The oil pressure generated in most engines should be about 10 psi per every 1000 revolutions per minute (rpm), peaking around 55-65 psi.
Local pressure (at the crankshaft journal and bearing) is far higher than the 50, 60 psi &c. set by the pump’s relief valve, and will reach hundreds of psi. This higher pressure is developed by the relative speeds in feet per second (not RPM or journal size directly) of the crankshaft journal itself against the bearing, the bearing width (to the closest pressure leak), oil viscosity, and temperature, balanced against the bearing clearance (the leakage rate).
All pump pressure does is “fill in the hole” and refresh the oil in the annular space faster than the leak expels it. This is why low-speed engines have relatively large journals, with only modest pump size and pressure. Low pressure indicates that leakage from the bearings is higher than the pump’s delivery rate.
The oil pressure at the pump outlet, which is what opens the pressure relief valve, is simply the resistance to flow caused by the bearing clearances and restrictions.
The oil pressure gauge, or warning lamp, gives only the pressure at the point where its sender enters that part of the pressurized system – not everywhere, not an average, nor a generalized picture of the systemic pressure.
Despite the frequent comparison to hydraulic engineering theory, this is not a “closed system” in which oil pressure is balanced and identical everywhere. All engines are “open systems”, because the oil returns to the pan by a series of controlled leaks. The bearings farthest from the pump always have the lowest pressure because of the number of leaks between the pump and that bearing. Excess bearing clearance increases the pressure loss between the first and last bearing in a series.
Depending on condition, an engine may have acceptable gauge pressure, and still only 5 psi pressure at one connecting rod, which will fail under high load.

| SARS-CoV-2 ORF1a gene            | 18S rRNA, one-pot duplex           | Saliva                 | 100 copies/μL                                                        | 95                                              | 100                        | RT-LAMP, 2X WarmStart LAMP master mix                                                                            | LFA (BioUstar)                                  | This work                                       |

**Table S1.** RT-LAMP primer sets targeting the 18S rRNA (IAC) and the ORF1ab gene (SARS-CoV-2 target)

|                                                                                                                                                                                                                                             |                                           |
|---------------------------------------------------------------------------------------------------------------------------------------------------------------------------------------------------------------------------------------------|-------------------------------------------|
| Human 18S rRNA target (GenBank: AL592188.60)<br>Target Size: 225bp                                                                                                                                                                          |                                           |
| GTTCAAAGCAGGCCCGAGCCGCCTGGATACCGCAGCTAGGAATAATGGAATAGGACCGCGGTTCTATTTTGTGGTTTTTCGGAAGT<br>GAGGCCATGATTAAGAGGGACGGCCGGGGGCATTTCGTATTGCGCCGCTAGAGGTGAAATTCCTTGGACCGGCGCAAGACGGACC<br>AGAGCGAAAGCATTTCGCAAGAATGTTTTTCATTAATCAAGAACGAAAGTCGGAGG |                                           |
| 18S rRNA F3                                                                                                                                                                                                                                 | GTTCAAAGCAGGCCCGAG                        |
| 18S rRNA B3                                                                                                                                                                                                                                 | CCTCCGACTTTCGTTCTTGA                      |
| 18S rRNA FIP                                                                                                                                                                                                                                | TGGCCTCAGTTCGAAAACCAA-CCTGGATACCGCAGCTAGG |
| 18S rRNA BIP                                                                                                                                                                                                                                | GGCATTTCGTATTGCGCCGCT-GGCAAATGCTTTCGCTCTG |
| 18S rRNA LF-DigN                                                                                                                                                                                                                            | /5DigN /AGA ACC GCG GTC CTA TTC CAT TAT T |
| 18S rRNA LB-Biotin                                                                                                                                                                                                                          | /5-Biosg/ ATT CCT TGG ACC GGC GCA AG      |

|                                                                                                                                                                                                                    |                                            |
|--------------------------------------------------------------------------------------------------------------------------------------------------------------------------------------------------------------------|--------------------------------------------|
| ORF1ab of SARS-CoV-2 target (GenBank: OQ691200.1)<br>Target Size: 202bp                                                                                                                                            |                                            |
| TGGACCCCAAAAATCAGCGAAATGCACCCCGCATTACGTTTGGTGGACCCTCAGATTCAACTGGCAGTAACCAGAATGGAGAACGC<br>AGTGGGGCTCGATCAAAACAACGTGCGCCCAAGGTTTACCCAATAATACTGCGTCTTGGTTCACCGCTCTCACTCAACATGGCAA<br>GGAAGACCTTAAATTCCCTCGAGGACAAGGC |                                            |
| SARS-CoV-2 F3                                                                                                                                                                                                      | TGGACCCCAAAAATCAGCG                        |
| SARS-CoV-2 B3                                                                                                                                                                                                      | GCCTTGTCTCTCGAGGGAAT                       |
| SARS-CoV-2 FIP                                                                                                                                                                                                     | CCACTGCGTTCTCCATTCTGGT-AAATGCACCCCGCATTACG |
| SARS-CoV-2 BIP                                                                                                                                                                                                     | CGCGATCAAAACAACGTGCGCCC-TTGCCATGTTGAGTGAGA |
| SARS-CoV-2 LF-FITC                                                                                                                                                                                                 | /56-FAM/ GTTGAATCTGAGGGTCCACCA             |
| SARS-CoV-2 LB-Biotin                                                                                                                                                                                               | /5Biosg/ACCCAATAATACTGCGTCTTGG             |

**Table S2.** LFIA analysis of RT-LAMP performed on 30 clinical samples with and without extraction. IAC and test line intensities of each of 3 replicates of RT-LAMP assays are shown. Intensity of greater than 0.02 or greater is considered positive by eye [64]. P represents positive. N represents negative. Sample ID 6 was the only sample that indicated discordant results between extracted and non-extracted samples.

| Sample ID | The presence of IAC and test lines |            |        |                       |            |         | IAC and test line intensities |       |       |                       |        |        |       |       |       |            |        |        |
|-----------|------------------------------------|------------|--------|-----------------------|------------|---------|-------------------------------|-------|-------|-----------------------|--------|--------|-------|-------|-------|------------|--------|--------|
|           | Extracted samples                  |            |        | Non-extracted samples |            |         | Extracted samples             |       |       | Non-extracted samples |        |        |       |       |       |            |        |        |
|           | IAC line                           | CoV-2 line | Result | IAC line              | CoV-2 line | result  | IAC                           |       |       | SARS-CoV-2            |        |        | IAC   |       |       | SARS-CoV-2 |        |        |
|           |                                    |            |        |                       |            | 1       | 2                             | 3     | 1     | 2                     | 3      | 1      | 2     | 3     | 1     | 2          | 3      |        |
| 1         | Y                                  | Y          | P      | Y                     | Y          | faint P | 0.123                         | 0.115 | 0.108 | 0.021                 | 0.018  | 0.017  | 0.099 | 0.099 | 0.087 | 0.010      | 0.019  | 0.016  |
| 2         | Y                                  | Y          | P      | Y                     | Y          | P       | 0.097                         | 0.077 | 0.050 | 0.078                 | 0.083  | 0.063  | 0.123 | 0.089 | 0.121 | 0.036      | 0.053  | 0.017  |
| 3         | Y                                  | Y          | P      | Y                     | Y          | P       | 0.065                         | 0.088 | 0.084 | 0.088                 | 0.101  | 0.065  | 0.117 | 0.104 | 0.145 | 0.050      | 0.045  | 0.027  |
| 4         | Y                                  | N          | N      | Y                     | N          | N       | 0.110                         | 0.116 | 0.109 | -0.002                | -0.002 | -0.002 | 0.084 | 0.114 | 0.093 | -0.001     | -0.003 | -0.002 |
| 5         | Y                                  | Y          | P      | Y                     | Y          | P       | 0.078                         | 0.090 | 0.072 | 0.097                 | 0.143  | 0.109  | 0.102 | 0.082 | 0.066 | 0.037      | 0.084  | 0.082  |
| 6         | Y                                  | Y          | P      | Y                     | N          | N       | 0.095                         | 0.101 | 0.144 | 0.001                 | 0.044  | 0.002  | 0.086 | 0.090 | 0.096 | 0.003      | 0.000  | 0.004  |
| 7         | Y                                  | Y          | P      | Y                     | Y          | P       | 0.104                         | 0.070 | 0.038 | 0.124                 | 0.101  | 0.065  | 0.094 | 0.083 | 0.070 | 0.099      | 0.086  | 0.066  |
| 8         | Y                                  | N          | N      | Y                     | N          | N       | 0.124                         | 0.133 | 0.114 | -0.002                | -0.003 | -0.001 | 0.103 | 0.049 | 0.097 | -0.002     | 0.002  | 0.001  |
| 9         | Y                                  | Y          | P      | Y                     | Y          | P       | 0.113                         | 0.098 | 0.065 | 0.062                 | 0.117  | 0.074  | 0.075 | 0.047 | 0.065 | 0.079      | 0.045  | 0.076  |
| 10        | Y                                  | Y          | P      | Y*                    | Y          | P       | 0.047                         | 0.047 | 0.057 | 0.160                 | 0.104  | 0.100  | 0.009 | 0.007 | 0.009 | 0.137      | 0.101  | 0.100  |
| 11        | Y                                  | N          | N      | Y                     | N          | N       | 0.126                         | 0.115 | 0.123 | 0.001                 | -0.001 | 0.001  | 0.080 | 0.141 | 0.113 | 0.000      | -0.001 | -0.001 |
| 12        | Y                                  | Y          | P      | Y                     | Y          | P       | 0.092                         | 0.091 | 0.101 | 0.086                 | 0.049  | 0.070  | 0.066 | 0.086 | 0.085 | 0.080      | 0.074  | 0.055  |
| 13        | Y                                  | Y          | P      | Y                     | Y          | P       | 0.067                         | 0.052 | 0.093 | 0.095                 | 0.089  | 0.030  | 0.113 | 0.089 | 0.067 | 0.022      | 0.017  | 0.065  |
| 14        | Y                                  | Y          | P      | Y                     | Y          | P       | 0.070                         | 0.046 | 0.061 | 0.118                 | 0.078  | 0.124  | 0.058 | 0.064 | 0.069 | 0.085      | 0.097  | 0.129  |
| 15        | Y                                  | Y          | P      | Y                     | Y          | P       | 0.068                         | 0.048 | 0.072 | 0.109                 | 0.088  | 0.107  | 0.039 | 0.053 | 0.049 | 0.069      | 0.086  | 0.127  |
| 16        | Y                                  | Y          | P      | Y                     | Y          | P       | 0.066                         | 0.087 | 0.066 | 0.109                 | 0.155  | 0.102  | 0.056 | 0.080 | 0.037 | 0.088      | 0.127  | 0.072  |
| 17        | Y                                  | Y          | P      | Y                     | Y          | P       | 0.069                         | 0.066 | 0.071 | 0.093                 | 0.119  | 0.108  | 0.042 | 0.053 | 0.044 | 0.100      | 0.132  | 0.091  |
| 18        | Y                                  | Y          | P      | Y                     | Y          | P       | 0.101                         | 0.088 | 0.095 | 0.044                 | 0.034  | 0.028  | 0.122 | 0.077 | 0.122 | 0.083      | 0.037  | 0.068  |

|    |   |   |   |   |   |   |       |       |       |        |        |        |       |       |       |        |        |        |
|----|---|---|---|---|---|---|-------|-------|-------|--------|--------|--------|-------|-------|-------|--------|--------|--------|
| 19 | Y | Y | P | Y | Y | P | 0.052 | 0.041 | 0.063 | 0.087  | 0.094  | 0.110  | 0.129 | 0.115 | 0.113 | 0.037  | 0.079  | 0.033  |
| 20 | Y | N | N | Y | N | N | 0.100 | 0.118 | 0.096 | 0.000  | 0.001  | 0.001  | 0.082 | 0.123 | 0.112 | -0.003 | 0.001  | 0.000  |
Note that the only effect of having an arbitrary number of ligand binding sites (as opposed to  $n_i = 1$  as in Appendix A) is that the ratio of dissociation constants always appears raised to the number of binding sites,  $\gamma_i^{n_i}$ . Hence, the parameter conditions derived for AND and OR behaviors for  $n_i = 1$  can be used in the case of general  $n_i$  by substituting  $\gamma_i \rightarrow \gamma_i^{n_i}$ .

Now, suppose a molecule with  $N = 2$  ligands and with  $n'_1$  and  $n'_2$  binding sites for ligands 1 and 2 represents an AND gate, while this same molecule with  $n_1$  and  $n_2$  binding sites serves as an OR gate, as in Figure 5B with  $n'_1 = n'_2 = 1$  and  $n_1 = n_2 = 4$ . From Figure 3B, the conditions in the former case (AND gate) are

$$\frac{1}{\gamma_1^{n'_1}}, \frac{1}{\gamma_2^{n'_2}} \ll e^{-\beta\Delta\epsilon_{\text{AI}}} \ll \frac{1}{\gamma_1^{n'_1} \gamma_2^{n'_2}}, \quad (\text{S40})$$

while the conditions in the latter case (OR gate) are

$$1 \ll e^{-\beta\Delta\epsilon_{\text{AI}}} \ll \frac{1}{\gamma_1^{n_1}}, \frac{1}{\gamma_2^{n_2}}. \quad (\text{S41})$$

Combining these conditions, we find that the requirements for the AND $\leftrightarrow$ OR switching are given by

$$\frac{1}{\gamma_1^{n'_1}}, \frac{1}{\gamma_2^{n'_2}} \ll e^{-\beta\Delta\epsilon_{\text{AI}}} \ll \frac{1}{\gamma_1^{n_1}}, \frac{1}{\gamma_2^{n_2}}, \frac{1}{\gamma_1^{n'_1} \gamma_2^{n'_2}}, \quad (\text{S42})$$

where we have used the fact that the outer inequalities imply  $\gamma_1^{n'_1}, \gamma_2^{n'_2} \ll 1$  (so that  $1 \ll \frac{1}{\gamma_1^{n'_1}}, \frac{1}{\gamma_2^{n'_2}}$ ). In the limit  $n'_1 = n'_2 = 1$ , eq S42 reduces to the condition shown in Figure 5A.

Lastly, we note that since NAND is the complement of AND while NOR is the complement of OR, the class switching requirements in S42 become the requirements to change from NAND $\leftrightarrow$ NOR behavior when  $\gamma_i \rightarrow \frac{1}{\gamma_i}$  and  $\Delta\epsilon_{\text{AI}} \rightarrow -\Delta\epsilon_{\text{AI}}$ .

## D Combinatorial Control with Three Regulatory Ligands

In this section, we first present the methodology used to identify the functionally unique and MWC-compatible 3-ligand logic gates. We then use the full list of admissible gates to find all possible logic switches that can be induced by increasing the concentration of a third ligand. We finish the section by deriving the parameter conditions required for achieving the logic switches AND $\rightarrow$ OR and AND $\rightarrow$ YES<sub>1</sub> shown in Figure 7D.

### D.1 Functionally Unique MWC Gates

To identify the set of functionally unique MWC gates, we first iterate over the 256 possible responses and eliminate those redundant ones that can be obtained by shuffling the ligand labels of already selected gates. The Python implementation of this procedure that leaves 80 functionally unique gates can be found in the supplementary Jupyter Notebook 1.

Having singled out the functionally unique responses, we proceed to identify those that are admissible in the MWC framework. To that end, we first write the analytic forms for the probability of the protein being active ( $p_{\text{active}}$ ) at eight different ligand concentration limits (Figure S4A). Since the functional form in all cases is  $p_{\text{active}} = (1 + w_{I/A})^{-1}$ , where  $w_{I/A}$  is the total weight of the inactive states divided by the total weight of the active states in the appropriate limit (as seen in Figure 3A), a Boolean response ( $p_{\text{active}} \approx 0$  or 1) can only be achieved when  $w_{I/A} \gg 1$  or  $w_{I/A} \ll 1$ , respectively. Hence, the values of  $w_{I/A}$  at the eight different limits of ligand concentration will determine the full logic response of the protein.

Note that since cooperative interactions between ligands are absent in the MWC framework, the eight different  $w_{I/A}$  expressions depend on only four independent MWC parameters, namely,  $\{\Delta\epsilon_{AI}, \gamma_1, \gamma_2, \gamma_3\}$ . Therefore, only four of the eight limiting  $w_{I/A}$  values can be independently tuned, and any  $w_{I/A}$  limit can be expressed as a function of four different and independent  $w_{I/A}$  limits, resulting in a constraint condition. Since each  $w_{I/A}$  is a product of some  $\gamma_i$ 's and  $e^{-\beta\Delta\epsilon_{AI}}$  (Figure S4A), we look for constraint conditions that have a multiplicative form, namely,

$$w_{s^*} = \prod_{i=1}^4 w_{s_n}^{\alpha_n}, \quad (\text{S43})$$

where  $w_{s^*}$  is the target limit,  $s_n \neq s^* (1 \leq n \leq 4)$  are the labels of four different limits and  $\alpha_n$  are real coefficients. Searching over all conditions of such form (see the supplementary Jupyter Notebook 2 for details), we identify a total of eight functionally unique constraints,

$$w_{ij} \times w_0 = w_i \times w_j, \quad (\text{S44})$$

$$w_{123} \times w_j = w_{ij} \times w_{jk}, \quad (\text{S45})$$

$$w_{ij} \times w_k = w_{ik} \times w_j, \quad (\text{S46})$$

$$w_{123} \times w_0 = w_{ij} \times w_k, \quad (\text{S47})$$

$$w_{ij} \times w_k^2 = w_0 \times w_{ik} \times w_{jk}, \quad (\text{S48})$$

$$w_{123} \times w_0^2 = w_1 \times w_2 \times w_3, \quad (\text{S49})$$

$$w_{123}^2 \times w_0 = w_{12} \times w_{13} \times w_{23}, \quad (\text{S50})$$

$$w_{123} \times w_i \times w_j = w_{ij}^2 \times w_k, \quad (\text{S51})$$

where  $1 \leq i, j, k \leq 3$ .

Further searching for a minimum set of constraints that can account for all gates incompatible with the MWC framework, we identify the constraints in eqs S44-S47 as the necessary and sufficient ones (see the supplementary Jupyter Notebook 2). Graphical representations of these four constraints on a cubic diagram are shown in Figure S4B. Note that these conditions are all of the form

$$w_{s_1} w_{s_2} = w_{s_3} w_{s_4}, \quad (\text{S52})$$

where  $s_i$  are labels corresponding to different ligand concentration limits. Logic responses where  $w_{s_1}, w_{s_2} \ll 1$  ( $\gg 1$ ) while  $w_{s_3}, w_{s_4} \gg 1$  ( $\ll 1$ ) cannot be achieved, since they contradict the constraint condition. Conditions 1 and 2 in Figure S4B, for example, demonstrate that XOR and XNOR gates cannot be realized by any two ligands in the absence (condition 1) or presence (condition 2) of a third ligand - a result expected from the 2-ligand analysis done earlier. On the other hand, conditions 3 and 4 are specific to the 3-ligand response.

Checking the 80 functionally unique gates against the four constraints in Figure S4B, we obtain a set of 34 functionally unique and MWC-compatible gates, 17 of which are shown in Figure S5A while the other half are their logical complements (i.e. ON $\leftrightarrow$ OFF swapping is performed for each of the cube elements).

The pressure is actually created by the resistance to the flow of the oil around the engine. So, the pressure of the oil may vary during operation, with temperature, engine speed, and wear on the engine. Colder oil temperature can cause higher pressure, as the oil is thicker, while higher engine speeds cause the pump to run faster and push more oil through the engine. Because of variances in temperature and normal higher engine speed upon cold engine start up, it’s normal to see higher oil pressure upon engine start up than at normal operating temperatures, where normal oil pressure usually falls between 30 and 45 psi. Too much oil pressure can create unnecessary work for the engine and even add air into the system. To ensure that the oil pressure does not exceed the rated maximum, once pressure exceeds a preset limit a spring-loaded pressure relief valve dumps excess pressure either to the suction side of the pump, or directly back to the oil pan or tank.
High oil pressure frequently means extremely high pressure on cold start-up, but this is a design flaw rather than an automatic consequence of high pressure. The observation “if you raise the maximum pressure, the cold pressure goes too high” is accurate, but not intentional.